GLENDALE—The highly anticipated and reimagined Downtown Central Library in Glendale has announced the reopening of its doors with a ReflectSpace: a new exhibition space designed to explore and reflect on major human atrocities, genocides and civil rights violations. Immersive in conception, ReflectSpace is a hybrid gallery space that is both experiential and informative, employing art, technology and interactive media to reflect on the past and present of Glendale’s communal fabric and interrogate current-day global human rights issues.
The inaugural exhibit, called Landscape of Memory: Witnesses and Remnants of the Armenian Genocide, unfolds in two distinct but interconnected parts and reflects on the Armenian Genocide through the cross-disciplinary work of witnesses, survivors, and artists, across four generations.
In the newly constructed ReflectSpace, Witnesses & Remnants examines the relationship of witnessing, survivor testimony and its generational aftermath. Leslie A. Davis, the US Consul in the Ottoman Empire in 1915, risked his life in saving Armenians and taking photographs of the Genocide. Davis’ critical work as a photographer and documentarian are presented and contextualized. Davis is connected to contemporary photographers via the portrait and testimony of Hayastan Terzian: one of the young girls he saved. Coming nearly a century after Davis, New York-based artist Aram Jibilian’s “Gorky and the Glass House” explores Arshile Gorky, the renowned Armenian-American painter, as an artist-survivor through a series of conceptual photographs made at Gorky’s final residence. Witnesses & Remnants is curated by Ara and Anahid Oshagan.
Just outside ReflectSpace, within a few yards of the library’s south entrance at Glendale Central Park, is iWitness, the highly popular public art installation from 2015.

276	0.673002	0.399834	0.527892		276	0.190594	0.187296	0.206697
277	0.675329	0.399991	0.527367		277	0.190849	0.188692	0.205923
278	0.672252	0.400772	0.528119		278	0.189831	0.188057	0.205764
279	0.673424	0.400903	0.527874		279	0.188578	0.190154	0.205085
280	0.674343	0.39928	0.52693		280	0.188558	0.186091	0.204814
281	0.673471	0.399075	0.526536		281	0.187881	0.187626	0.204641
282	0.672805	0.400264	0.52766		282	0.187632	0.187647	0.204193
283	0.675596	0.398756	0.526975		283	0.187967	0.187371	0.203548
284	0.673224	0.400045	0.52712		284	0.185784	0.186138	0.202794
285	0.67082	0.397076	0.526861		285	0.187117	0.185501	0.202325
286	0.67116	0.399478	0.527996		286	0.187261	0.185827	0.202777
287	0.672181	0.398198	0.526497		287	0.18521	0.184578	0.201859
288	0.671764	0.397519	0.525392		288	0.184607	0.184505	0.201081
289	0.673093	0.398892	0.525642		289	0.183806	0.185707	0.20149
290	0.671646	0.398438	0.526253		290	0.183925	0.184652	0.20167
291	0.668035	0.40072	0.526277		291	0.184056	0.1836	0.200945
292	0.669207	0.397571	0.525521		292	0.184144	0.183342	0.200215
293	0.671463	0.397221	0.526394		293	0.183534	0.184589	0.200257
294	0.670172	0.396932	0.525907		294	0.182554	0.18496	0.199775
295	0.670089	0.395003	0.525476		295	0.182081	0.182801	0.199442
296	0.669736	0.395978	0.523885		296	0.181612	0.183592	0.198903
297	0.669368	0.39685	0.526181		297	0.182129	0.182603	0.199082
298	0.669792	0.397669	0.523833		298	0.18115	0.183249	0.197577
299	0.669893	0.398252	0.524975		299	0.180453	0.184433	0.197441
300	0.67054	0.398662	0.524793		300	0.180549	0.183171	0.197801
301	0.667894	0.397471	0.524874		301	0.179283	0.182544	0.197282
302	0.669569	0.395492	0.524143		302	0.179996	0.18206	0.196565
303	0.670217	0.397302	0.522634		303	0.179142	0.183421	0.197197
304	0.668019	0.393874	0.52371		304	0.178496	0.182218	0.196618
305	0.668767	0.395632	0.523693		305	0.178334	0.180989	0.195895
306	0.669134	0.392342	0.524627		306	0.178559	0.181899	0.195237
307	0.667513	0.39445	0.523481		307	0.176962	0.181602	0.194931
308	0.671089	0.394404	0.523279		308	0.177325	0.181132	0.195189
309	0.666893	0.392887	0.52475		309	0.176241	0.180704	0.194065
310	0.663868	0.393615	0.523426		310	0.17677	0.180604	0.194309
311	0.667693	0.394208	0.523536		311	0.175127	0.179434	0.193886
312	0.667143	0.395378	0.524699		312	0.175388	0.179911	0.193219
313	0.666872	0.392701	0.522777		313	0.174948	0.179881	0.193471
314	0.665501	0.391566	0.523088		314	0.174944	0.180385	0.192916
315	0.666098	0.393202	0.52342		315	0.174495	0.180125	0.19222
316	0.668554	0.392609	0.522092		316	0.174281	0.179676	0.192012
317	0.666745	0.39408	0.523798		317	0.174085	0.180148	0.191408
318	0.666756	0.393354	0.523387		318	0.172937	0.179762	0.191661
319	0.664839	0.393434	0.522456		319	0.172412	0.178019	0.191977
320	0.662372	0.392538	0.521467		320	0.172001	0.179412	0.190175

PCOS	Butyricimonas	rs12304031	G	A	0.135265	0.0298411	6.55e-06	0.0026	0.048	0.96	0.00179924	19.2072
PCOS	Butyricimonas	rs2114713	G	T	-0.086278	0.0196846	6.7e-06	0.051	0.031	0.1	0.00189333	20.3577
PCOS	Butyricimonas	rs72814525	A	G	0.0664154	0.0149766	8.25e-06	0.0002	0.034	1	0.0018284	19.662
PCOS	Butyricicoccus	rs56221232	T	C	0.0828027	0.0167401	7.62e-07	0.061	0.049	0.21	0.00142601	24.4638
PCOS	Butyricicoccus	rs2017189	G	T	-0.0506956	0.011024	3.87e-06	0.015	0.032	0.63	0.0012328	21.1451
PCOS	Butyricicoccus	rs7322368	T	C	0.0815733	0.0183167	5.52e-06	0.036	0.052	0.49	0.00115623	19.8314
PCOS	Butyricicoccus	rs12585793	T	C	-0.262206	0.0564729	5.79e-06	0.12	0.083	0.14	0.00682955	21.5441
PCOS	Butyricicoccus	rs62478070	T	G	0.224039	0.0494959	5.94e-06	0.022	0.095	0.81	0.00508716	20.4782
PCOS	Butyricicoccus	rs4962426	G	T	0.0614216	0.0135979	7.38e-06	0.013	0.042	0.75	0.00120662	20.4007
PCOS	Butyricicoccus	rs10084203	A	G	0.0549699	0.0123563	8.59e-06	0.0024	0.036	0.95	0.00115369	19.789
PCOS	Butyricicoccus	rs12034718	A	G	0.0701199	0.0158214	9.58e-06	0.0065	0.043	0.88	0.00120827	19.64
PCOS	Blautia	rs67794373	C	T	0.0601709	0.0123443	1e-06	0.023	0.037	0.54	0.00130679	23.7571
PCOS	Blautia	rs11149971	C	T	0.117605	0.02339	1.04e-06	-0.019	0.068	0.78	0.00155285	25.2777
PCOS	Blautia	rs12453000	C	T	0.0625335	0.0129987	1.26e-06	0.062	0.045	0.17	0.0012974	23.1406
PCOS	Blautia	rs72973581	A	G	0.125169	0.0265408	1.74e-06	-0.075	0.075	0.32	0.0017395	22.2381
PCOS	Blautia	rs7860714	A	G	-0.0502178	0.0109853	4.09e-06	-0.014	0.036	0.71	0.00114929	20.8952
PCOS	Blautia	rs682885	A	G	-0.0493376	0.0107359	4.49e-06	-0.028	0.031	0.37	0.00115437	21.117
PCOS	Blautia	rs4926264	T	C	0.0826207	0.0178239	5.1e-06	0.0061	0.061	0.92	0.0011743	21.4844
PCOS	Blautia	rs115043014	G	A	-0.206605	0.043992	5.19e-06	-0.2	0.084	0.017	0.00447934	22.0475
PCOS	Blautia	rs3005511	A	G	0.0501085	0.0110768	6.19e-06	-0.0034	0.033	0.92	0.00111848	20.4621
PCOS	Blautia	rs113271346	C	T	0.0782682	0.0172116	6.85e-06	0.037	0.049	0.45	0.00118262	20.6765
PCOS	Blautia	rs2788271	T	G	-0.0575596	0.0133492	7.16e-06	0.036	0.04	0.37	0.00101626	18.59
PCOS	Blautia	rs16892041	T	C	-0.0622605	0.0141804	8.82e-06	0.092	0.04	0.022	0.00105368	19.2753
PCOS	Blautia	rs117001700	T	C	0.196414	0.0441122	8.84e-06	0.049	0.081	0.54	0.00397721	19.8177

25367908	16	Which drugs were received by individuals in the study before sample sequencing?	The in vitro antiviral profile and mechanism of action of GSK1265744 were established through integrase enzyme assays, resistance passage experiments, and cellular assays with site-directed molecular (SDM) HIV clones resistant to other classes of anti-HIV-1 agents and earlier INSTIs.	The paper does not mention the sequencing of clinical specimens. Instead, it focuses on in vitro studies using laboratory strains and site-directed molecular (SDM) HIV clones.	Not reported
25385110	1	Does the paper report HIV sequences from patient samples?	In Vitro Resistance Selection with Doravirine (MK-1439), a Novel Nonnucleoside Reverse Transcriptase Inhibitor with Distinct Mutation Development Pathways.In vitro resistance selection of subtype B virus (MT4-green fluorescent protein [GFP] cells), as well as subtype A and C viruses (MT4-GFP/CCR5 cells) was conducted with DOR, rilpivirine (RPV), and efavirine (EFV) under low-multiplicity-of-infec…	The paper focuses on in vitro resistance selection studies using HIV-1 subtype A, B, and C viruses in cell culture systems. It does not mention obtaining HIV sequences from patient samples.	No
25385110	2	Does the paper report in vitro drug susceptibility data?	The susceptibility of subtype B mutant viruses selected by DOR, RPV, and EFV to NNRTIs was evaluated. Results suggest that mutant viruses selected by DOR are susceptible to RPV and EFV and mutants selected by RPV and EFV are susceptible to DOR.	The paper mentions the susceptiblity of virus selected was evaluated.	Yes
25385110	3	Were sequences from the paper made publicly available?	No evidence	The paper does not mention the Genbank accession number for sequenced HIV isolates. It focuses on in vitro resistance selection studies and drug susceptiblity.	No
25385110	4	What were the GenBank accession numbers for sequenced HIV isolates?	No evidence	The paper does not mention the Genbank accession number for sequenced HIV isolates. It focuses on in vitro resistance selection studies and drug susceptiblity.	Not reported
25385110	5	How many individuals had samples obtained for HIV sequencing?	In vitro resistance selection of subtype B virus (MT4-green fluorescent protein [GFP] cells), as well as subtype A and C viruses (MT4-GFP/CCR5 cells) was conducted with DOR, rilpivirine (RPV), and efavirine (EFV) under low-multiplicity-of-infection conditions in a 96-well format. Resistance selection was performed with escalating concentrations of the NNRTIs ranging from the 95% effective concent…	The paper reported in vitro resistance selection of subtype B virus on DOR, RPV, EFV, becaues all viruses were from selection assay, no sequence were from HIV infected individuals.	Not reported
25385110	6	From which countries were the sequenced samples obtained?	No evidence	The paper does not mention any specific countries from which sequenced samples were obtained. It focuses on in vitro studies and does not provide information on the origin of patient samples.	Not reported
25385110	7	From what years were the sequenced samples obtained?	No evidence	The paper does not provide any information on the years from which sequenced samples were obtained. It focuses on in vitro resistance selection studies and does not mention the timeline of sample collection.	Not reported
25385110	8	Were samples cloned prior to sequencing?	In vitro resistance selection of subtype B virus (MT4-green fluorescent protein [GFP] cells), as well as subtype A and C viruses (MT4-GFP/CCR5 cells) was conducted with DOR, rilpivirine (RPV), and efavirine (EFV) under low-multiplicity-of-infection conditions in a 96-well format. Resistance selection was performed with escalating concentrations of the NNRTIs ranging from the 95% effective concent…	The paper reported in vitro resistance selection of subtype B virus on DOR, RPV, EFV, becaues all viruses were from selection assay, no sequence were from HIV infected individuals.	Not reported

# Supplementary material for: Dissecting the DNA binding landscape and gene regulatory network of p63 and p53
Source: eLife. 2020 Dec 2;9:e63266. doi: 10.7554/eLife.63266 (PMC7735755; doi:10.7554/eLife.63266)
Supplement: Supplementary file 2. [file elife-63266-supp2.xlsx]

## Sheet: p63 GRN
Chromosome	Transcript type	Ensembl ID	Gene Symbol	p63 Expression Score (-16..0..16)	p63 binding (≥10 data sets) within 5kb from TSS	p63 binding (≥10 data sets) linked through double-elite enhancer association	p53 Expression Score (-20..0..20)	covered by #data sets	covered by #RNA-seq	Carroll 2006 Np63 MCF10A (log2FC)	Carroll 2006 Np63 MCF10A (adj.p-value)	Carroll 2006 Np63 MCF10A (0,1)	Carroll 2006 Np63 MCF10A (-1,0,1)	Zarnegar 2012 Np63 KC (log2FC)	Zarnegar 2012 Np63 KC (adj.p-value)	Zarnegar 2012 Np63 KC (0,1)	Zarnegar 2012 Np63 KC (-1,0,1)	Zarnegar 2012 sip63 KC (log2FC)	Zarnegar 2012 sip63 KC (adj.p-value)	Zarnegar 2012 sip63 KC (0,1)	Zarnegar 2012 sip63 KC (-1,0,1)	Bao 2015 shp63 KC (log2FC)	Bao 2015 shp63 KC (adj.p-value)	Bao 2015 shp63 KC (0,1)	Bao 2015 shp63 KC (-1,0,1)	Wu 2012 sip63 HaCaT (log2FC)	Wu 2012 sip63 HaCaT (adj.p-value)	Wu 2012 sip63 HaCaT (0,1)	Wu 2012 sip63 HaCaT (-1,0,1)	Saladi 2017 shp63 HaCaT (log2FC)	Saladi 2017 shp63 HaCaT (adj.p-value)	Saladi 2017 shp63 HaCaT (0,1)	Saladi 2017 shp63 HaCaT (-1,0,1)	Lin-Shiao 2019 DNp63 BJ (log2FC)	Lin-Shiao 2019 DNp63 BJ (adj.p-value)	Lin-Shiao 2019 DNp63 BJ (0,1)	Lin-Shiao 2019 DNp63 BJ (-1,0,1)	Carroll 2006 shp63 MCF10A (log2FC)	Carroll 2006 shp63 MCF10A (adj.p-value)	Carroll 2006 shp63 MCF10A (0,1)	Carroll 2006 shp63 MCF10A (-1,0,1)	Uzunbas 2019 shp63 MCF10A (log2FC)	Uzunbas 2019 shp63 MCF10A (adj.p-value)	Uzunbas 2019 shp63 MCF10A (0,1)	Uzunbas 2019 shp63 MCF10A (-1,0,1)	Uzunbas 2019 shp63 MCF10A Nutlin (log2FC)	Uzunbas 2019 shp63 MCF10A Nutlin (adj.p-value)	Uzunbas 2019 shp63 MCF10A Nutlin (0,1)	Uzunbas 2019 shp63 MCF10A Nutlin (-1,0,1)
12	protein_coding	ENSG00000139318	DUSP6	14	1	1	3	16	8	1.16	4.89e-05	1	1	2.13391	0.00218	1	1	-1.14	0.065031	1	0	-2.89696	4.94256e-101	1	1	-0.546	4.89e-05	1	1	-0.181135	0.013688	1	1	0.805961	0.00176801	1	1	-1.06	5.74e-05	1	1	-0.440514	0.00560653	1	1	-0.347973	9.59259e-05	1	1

The iWitness installation in Glendale is also re-imagined. Brought together in a site-specific clustered configuration, the installation creates an intense and immersive space where the audience is submerged underneath the gaze of massive portraits of Armenian Genocide survivors. A large-scale artistic disruption of public space, iWitness is of an interconnected network of towering asymmetrical photographic sculptures that have no right angles and their irregular angular shapes speak to an unbalanced world, continually at risk of war, ethnic cleansing and genocide. Conceived and constructed by artists Ara Oshagan, Levon Parian, architect Vahagn Thomasian and the iWitness team, iWitness will be the first ever large-scale public art installation in Glendale.
“This remarkable installation, coupled with the ReflectSpace exhibition, honors the 1.5 million victims of the Armenian Genocide and tells the personal stories of survivors–first-hand eyewitnesses to one of the worst atrocities of the 20th century,” said Cindy Cleary, Director of Glendale’s Arts and Culture.
Landscape of Memory: Witnesses and Remnants of the Armenian Genocide is an immersion in an internal conversation taking shape at the very onset of the Genocide and stretching over four generations. The diplomat/documentarian, eyewitness survivors and contemporary artists are all intricately linked in a network of imagery, image-making and testimony.
Landscape of Memory at Downtown Central is open to the public and runs through June 25. iWitness public art installation at Glendale Central Park runs through June 14. Opening reception plus concert by Raffi Semerdjian and Areni Agbabian for Landscape of Memory is on Friday May 19, from 6 to 8 p.m.